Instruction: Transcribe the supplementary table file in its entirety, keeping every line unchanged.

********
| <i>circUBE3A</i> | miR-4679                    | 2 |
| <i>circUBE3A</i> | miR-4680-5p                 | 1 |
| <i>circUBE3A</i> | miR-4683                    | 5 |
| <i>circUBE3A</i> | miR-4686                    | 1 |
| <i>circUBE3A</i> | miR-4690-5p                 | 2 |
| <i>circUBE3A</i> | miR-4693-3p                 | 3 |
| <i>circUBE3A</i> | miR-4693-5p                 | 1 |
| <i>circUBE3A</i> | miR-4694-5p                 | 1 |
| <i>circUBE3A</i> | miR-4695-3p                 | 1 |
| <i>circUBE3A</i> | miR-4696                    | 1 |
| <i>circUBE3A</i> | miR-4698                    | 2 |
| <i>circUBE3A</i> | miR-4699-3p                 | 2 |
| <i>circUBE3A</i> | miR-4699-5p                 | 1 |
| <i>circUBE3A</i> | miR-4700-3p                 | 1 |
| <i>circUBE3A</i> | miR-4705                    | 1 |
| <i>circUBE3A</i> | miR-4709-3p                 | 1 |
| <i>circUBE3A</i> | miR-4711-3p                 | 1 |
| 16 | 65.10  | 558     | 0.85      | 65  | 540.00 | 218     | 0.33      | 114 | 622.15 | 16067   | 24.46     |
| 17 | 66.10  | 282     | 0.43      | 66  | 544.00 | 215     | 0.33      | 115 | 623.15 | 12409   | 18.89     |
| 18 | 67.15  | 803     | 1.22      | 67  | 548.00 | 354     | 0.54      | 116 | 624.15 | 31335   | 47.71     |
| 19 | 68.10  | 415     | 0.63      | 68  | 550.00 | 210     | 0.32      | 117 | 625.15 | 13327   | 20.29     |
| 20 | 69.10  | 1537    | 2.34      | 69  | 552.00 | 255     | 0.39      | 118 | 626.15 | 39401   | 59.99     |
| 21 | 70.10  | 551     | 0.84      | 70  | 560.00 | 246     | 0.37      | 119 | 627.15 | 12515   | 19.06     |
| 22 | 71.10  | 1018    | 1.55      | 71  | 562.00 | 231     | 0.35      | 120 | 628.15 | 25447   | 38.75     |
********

| <i>circUBE3A</i> | miR-4679                    | 2 |
| <i>circUBE3A</i> | miR-4680-5p                 | 1 |
| <i>circUBE3A</i> | miR-4683                    | 5 |
| <i>circUBE3A</i> | miR-4686                    | 1 |
| <i>circUBE3A</i> | miR-4690-5p                 | 2 |
| <i>circUBE3A</i> | miR-4693-3p                 | 3 |
| <i>circUBE3A</i> | miR-4693-5p                 | 1 |
| <i>circUBE3A</i> | miR-4694-5p                 | 1 |
| <i>circUBE3A</i> | miR-4695-3p                 | 1 |
| <i>circUBE3A</i> | miR-4696                    | 1 |
| <i>circUBE3A</i> | miR-4698                    | 2 |
| <i>circUBE3A</i> | miR-4699-3p                 | 2 |
| <i>circUBE3A</i> | miR-4699-5p                 | 1 |
| <i>circUBE3A</i> | miR-4700-3p                 | 1 |
| <i>circUBE3A</i> | miR-4705                    | 1 |
| <i>circUBE3A</i> | miR-4709-3p                 | 1 |
| <i>circUBE3A</i> | miR-4711-3p                 | 1 |
| 16 | 65.10  | 558     | 0.85      | 65  | 540.00 | 218     | 0.33      | 114 | 622.15 | 16067   | 24.46     |
| 17 | 66.10  | 282     | 0.43      | 66  | 544.00 | 215     | 0.33      | 115 | 623.15 | 12409   | 18.89     |
| 18 | 67.15  | 803     | 1.22      | 67  | 548.00 | 354     | 0.54      | 116 | 624.15 | 31335   | 47.71     |
| 19 | 68.10  | 415     | 0.63      | 68  | 550.00 | 210     | 0.32      | 117 | 625.15 | 13327   | 20.29     |
| 20 | 69.10  | 1537    | 2.34      | 69  | 552.00 | 255     | 0.39      | 118 | 626.15 | 39401   | 59.99     |
| 21 | 70.10  | 551     | 0.84      | 70  | 560.00 | 246     | 0.37      | 119 | 627.15 | 12515   | 19.06     |
| 22 | 71.10  | 1018    | 1.55      | 71  | 562.00 | 231     | 0.35      | 120 | 628.15 | 25447   | 38.75     |